As with No Country for Old Men, the Coen Brothers called upon Carter Burwell to score its quasi-thriller comedy, Burn After Reading. While the movie plays the genre for laughs, Burwell, their cinematic foil, plays it straight. He’s said he looked for inspiration in Jerry Goldsmith’s percussion-oriented score to the laugh-free zone that was Seven Days in May, directed by the late great John Frankenheimer. In other words, where No Country was extremely silent (more details at disquiet.com), Burn After Reading is loud and present.
That comment from Burwell appears on his website, carterburwell.com, where for each score he’s completed he provides sample music files and explanatory text. Among the Burn After Reading examples is “Earth Zoom In,” an intense minute and a half of barreling, doom-laden percussion (MP3). Also available from the Burwell site are two other percussive Burn pieces, each of which layers something into the mix, chanting n “Night Running” and Philip Glass-style strings on “How Is This Possible.”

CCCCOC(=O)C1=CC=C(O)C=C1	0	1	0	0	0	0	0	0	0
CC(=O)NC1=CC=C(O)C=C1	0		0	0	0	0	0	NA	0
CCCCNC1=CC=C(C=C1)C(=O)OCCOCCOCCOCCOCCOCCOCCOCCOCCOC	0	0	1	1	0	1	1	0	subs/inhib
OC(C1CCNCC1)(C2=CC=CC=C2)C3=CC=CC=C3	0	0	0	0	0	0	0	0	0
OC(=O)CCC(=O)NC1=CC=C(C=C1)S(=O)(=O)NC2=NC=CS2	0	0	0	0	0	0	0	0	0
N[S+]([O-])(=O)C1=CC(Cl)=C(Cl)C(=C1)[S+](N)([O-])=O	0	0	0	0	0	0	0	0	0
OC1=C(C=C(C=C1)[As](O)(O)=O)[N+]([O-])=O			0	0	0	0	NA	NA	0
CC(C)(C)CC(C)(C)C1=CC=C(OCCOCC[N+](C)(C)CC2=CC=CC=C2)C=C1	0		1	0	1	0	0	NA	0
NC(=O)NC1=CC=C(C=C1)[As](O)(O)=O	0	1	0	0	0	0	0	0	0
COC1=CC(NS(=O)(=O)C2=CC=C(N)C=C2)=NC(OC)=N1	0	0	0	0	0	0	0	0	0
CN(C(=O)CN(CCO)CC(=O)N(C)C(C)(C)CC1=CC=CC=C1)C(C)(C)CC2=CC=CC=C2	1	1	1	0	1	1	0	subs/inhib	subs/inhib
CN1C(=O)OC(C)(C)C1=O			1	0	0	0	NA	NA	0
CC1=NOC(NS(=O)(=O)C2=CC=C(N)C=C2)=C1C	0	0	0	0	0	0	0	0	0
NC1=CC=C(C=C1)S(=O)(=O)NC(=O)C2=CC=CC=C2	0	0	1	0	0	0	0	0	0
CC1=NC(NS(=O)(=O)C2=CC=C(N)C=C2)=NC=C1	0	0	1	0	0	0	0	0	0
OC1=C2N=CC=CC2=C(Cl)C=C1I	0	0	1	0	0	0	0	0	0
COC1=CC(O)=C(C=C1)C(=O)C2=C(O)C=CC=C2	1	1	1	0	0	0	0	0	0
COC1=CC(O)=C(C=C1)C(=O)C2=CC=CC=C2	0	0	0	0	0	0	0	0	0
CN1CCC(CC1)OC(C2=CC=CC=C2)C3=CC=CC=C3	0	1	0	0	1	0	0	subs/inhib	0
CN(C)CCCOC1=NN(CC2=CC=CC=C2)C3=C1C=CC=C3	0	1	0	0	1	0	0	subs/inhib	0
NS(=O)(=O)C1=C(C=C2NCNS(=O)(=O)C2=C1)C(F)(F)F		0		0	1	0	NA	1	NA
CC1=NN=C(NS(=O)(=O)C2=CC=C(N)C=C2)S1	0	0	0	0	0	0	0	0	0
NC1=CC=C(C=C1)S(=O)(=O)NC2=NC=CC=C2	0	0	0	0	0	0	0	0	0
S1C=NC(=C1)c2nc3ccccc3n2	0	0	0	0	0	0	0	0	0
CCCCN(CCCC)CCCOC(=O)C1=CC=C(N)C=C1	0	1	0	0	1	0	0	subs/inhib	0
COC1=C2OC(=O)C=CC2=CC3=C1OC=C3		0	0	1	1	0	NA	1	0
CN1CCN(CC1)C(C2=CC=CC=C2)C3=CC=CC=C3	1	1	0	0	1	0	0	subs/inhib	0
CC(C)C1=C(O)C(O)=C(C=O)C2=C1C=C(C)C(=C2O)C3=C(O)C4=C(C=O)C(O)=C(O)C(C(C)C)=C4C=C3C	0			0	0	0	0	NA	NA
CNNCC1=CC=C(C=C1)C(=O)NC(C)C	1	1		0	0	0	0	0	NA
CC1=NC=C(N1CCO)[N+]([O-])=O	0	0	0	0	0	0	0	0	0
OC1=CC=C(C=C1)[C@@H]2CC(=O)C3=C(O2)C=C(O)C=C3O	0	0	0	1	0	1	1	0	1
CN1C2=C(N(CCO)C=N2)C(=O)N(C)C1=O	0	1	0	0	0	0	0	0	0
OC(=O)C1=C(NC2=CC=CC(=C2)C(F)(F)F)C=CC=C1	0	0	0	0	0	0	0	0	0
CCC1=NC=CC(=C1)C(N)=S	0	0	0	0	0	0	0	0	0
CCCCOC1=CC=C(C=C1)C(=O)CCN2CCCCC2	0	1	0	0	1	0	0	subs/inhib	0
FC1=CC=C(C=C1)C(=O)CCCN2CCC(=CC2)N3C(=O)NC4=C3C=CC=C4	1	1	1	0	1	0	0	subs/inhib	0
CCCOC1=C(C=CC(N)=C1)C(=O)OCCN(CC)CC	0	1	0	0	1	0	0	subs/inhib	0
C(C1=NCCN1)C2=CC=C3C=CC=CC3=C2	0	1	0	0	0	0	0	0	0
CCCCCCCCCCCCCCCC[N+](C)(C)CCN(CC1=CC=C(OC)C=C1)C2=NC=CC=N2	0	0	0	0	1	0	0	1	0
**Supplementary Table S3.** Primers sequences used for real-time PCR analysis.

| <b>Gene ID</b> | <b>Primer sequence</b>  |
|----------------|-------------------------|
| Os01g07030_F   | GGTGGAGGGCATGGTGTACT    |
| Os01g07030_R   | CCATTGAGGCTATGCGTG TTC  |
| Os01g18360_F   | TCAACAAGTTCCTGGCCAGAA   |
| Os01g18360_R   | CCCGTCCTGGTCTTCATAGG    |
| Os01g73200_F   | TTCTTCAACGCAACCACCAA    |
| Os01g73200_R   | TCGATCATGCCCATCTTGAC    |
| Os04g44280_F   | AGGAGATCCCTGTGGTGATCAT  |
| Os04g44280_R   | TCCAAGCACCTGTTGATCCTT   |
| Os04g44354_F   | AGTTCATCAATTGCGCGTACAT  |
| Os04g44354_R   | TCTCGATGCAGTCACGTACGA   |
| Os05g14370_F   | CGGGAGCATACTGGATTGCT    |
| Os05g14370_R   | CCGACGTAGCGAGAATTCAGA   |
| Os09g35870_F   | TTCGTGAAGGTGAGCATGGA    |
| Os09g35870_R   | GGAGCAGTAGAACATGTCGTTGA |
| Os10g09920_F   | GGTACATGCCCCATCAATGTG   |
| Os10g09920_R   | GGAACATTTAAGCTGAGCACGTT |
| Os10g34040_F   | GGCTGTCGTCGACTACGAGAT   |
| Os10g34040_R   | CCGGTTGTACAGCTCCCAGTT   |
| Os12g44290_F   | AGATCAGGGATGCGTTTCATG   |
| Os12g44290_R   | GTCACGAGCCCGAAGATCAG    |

One graphic-design side note: the poster for Burn After Reading shares with that of Burwell’s preceding film-score work, Before the Devil Knows You’re Dead, the classic Saul Bass-style text treatments from The Man with the Golden Arm, Anatomy of a Murder, Vertigo and countless other Hollywood classics — all films with excellent soundtracks, suggesting something of a music-typography correlation.